IN PERSPECTIVE | Will statue save Cauvery?

IN PERSPECTIVE | Will statue save Cauvery?

There is opposition to the Government of Karnataka (GoK) proposal to build a 125-ft high statue of Mother Kaveri in the immediate vicinity of the iconic Krishnarajasagar (KRS) dam, along with some other constructions, including a ‘Disneyland’ entertainment park, at a cost of Rs 1,200 crore. Reportedly, a cabinet decision resulted in government officials scouting the area to identify the land required to be acquired for the project.

Such ‘wish-list planning’ is typical of governments across the country. It goes something like this: some person(s) who have access to persons in power (PiP) think of a project for Rs X-crore, and propose it to the PiP. The PiP say, “Yeah, great idea!”, with one eye on the total cost (making with lightning speed mental calculation of percentages), and the other eye on the political mileage that the project may bring. That is the reason for the planning strabismus (crossed eyes) from which all governments, including our very own GoK, suffer.

But what about the people? Oh, people?! The project will help boost tourism, say the PiP, failing to recognise that most of the benefits of tourism flow out of the area of tourist attraction, leaving the ill-effects of environmental degradation at the site, as tourists in their daily thousands leave tons of waste to ruin the heritage Brindavan Gardens, created by Bharat Ratna Sir M Visveswaraya, the doyen of creative planning and engineering. This is in addition to the irreversible ecological ill-effects of creating the tourism infrastructure.

People are opposing the Rs 1,200-crore Cauvery statue project for multiple reasons. Farmers who stand to lose fertile land along with livelihood argue that they have no objection to a statue of Mother Cauvery, but it should not be located where they lose land and, consequently, their livelihood. Some ask why this money cannot be used to pay distressed Mandya farmers for their sugarcane produce immediately rather than make them wait six months.

Engineers advise that the inevitable blasting required for excavation for the foundation of the 125-ft high statue, and making a deep excavation so close to KRS dam, can endanger the safety of the dam structure. They call for careful hydrological and geological investigations. Then, of course, there is a need for an environmental impact assessment —which includes social impact —according to the Environment Protection Act, followed by an environmental public hearing. All these are essential before agreements are signed, tenders are issued and contracts are concluded.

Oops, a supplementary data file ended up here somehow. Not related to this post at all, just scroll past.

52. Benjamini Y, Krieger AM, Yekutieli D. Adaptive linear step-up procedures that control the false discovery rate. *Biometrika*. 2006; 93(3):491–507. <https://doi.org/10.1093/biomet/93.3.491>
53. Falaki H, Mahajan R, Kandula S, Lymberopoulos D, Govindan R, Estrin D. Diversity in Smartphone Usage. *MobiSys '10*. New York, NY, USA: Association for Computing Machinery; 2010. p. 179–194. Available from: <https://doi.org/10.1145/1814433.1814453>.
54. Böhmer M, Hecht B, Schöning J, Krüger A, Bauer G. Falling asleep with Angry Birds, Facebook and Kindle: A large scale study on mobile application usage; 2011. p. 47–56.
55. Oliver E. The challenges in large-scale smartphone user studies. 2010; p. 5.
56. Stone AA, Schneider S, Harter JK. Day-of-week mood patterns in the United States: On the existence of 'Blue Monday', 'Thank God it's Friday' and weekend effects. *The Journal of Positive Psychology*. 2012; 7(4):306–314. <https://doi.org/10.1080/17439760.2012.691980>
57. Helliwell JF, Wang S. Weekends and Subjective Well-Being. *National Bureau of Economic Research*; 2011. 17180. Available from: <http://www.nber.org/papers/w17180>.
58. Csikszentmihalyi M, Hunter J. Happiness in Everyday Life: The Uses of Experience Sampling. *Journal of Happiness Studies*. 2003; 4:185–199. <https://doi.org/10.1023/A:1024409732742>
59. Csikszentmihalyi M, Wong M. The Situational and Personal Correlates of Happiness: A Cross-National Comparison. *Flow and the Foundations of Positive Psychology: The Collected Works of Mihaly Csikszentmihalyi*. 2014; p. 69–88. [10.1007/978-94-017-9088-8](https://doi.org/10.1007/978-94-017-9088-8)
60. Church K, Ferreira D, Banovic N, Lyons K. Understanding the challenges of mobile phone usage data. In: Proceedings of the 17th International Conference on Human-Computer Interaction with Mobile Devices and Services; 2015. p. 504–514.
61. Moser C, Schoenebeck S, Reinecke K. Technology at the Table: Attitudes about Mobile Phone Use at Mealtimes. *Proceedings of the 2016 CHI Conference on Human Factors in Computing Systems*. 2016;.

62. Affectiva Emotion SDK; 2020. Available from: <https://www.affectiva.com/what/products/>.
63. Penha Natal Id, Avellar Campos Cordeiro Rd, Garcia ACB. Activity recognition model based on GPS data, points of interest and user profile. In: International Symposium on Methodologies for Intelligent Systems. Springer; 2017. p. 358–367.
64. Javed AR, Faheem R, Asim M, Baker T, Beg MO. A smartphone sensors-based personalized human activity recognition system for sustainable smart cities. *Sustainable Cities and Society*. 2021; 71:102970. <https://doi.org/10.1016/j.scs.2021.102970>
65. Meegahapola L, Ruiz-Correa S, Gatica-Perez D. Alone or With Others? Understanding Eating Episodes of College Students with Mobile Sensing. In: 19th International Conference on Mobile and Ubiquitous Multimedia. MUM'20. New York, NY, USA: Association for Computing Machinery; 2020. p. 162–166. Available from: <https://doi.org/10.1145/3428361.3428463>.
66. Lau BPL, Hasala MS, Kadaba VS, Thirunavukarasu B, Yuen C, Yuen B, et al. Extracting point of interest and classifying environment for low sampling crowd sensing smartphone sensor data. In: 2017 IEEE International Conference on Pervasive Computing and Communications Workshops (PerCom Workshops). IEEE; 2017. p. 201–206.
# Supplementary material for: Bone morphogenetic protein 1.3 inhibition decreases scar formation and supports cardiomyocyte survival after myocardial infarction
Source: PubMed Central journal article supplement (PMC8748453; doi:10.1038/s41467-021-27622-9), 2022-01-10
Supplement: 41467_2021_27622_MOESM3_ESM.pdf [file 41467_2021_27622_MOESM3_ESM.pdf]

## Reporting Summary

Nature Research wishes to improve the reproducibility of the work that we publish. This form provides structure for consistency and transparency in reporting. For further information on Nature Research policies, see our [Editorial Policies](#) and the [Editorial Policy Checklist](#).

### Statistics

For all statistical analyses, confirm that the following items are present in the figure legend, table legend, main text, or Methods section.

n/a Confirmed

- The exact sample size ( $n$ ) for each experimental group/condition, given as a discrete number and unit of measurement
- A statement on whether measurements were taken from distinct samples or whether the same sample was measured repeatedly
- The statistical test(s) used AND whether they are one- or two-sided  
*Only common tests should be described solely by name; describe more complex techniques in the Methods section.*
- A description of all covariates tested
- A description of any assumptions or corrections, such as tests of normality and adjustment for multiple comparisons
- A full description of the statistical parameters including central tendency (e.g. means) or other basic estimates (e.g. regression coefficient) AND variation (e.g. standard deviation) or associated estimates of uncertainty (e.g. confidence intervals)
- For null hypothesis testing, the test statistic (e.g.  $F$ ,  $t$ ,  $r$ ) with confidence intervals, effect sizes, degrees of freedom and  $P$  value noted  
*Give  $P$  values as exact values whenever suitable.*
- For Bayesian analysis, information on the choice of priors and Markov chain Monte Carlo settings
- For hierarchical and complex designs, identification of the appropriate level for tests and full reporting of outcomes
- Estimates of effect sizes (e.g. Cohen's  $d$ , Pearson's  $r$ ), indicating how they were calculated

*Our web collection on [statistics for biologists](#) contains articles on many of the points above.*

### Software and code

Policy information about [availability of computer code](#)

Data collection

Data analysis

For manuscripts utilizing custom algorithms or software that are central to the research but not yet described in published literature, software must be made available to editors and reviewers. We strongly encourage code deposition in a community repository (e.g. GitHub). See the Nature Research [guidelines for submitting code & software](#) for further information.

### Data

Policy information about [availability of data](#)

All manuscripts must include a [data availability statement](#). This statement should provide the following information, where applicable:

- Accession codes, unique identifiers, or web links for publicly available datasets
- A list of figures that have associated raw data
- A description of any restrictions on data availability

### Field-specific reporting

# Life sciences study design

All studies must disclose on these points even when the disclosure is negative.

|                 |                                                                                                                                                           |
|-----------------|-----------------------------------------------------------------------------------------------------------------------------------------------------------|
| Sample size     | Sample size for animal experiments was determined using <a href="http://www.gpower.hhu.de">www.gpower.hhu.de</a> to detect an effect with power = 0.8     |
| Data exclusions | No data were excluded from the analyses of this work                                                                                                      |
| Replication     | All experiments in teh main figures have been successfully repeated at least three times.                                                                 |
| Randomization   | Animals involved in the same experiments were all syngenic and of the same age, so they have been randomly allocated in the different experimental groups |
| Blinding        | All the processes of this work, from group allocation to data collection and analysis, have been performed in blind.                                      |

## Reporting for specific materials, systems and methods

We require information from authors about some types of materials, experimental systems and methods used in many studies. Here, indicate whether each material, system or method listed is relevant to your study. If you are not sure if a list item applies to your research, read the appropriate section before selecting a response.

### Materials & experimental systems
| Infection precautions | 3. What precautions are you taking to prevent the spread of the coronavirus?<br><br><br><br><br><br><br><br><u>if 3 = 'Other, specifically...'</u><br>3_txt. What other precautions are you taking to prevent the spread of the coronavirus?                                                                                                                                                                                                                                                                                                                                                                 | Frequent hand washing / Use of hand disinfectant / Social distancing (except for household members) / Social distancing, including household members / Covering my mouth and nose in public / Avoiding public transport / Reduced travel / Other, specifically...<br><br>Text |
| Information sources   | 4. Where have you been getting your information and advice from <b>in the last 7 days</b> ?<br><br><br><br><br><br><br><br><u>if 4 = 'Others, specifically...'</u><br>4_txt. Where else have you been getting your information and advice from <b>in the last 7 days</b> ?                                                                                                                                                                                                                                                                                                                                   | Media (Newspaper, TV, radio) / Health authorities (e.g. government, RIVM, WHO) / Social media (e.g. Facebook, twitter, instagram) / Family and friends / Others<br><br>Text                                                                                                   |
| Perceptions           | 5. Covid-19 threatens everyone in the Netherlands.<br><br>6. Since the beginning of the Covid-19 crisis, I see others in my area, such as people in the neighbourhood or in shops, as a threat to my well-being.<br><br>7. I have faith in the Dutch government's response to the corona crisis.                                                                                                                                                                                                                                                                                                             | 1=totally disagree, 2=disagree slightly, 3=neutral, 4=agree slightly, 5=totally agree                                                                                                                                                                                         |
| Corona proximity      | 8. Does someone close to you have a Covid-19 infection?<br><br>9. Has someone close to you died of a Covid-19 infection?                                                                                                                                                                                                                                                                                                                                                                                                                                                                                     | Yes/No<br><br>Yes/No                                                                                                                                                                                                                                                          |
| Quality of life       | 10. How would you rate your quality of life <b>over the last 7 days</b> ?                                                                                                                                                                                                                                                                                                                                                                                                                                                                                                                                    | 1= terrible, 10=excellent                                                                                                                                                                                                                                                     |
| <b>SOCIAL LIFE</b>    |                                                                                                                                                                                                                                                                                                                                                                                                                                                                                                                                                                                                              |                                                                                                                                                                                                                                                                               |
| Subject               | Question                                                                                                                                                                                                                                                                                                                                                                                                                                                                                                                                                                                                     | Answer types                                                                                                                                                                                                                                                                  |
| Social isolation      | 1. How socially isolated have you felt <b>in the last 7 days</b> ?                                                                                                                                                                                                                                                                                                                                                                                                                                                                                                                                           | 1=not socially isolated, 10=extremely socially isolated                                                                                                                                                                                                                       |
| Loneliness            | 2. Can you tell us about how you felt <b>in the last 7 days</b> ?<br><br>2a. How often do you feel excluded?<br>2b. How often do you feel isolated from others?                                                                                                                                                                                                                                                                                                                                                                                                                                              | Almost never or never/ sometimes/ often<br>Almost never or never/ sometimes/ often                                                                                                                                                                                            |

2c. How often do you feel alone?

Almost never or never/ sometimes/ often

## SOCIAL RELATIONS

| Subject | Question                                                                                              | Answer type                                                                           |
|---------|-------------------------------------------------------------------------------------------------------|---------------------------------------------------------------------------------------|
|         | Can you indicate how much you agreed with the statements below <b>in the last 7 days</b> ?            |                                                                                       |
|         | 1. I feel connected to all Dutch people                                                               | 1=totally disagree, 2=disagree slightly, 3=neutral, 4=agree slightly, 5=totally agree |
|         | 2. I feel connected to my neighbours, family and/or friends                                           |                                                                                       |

It is clear that raising a statue to Mother Cauvery and praying to her will not save the river, which is being preyed upon by building roads, rail routes, power lines, natural gas pipelines, etc, through Kodagu district.

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The loss of forest cover and large-scale human occupation of Kodagu district over the years is not only increasing human-animal conflict but killing the very source of the Cauvery itself. Even the most sincere prayers to Mother Cauvery, the speechless victim of thoughtless development, cannot change this.

Today, Cauvery river does not reach the sea for over two months a year, and loss of forest cover over the decades, combined with sand-mining and rampant water extraction, are the established causes. The GoK needs to spend money to urgently plan and execute measures to protect, preserve, conserve and restore the river. Such measures and expenditures, far from meeting with public opposition, will receive active support and surely provide long-term political benefit.

The argument that land for the project is (mostly) government land and that the project will be funded by the PPP model does not answer the above questions or put the above doubts and fears to rest.

Citizens wonder whether Rs 1,200 crore would be better spent providing education, health and welfare services. Such funds spent, even in PPP mode, can build schools or pay Anganwadi workers or write off farmers’ debts, just as easily as it can erect statues. But this, of course, only if PiP is interested in people-centred planning.

It is strange that some politicians who are promoting the project are from the party that criticised Gujarat’s Statue of Unity. Politicians, howsoever high and mighty, must understand that they are being critically watched by the people, whom they have sworn to serve.

Prayers to a Mother Cauvery statue by the high and mighty will not supply water to the millions of the ‘Children of Cauvery’ in Karnataka and Tamil Nadu who cry for water even as projects destroy the river at its source. When will governments listen to the anguished cries of people for the basics of life, instead of heeding the whispers of the initiators of the cross-eyed planning of wish-list projects?

The PiP might like to conduct a rethink of the Mother Cauvery statue and Disneyland project and drop it in favour of people-friendly projects to revive the river, which can provide relief to her children who perennially suffer for want of water.

(The writer is a retired major general of the Indian Army)